Apr 19, 2021: Invoice Factoring w/ MarketFinance

Written by Dragos Cocosila

We have a lot to share this week as part of our passion to continue providing you with industry-leading information on the global Open Banking segment. This update will have the weekly additions to the Open Banking Tracker (Banks, APIs, TPPs, etc.), a look at how Open Banking is streamlining the due diligence of invoice factoring companies.

factoring

Our Current Coverage

  • • We track 2,802 banks providing Open Banking services! (+11 from last week!)

  • • 1,024 APIs currently tracked on our platform!

  • • 434 TPPs in the ecosystem!

  • • 86 Global markets covered!

  • • 35+ Open Banking API Aggregators! (with more coming very soon...)

  • • PSD2 API & PSD2 Open Banking coverage!

  • • Track over 60+ data points for all Open Banking projects!

And we are growing on a continuous basis... 🚀🚀🚀

Developments (Apr 13th to Apr 19th):

We initiated coverage and provided Open Banking API information for:

  • 3S MONEY: a London-based challenger bank, focusing on international trade.

  • Aargauische Kantonalbank: a cantonal bank based in Switzerland.

  • Dah Sing Bank: a Hong Kong-based banking and financial company, headquartered in Wan Chai. It has three main banking subsidiaries providing relevant services through a branch network of around 70 branches over Hong Kong, Macau, and Mainland China, and a securities trading company.

  • Dhaka Bank: a private limited commercial bank in Bangladesh. Its headquarters are situated in Dhaka. Currently, the bank has 100 branches and 3 SME Service Centers around the country.

  • Hatch: an FDIC-insured business checking account with up to 5% in cashback rewards, perks and discounts, no NSF fees, and a Mastercard Enhanced Debit Card.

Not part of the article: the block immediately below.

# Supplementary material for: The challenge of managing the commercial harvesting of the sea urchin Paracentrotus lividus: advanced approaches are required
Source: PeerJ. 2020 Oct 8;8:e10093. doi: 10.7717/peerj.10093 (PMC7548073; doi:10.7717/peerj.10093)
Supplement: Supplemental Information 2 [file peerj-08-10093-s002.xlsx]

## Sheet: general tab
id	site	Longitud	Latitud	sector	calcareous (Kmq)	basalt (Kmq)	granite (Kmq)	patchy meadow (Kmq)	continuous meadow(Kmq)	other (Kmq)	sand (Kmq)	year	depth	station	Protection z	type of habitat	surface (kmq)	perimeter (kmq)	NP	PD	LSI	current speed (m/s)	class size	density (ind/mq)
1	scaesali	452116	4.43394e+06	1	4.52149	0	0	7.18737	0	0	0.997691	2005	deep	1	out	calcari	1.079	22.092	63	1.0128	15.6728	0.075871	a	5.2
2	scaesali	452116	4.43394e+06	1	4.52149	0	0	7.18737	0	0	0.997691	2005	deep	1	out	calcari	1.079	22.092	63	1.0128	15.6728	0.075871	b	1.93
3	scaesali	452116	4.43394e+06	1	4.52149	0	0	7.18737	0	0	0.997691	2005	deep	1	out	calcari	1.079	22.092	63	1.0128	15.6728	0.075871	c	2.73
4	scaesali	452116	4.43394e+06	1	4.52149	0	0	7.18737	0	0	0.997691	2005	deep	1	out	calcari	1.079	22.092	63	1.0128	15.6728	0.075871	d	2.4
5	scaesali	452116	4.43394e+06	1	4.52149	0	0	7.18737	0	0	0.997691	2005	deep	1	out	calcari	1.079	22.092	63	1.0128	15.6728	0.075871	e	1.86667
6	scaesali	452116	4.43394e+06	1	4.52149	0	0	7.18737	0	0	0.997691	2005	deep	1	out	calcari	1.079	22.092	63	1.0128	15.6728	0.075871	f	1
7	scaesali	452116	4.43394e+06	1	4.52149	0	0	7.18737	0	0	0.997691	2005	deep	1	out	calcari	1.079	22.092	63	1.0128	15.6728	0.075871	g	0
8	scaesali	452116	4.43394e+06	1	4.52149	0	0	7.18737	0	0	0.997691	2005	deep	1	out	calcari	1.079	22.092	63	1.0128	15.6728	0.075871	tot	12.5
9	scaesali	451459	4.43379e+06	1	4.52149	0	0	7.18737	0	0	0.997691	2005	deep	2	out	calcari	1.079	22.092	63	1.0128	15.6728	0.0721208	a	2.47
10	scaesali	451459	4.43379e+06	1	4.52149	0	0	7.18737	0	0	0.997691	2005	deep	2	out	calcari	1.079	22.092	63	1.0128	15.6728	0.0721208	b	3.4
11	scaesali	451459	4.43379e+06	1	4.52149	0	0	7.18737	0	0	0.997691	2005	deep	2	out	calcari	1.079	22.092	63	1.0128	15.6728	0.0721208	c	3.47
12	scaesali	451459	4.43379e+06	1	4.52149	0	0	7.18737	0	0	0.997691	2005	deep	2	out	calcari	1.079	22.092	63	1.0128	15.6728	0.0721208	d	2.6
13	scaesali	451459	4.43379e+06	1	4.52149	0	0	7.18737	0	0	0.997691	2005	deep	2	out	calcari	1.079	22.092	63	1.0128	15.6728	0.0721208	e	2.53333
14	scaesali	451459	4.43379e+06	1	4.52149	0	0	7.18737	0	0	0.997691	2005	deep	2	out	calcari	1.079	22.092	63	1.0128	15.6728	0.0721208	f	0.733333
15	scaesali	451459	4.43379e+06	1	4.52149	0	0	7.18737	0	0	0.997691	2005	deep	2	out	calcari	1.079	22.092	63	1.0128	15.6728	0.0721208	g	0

• • Biggest Publicly Available TPP Registry in the Industry! 🚀🚀🚀

  • • And many more!

We continue to cover over 35 aggregators!


Open Banking Use Case Spotlight: Invoice Factoring w/ MarketFinance

Invoice factoring is a transaction that a business undertakes to convert future cash flows into cash provided by a factoring company. After having made a sale on credit where they receive payment at a future date, the business will turn to a factoring company that buys the accounts receivable for typically 80-90% cash upfront. The remainder, net of factoring company fees, of the invoice paid to the business after the factoring company collects the payment from the original client. The factoring company takes on the counterparty risk of the client not paying the invoice in full, so they can be in a deficit if they receive less than the funds they provided for the business at the initiation of the factoring transaction.

The invoice factoring practice has been in existence for millennia, and an integral part of helping businesses unlock the liquidity held in their accounts receivable. However, even in its most recent incarnation, the old system requires the factoring company to undertake sizeable due diligence to understand the magnitude of counterparty risk they assume on each factoring transaction. So the process can take a few precious days that a business on the brink of insolvency may not have. With the implementation of Open Banking by factoring companies like MarketFinance, the speed with which businesses have access to cash improves materially.

Using Open Banking, MarketFinance can connect directly to a consenting business’ current account and gather the information they require to make the factoring decision much faster. MarketFinance says:

“When a customer chooses to connect their business account to their MarketFinance account, they allow us to view their transactions. This technology gives us the ability to make more informed decisions about their customer base and business activity. So we can verify the activity faster and trust a higher invoice value without spending time checking it out first.”

Thereby reducing the due diligence burden on MarketFinance and increasing their confidence that a transaction is safe to proceed with, and giving the necessary liquidity to the business.

The takeaway:

Even business practices that started in antiquity can benefit from Open Banking. Factoring companies like MarketFinance use Open Banking APIs to streamline the essential component of their business, the due diligence. Using these APIs unlocks value for both the business that needs liquidity and the factoring companies need certainty that they will receive payment from the client. We can’t wait to see Open Banking technology be ubiquitous in this financial services space.


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Have a great week and stay safe!

The Banq team

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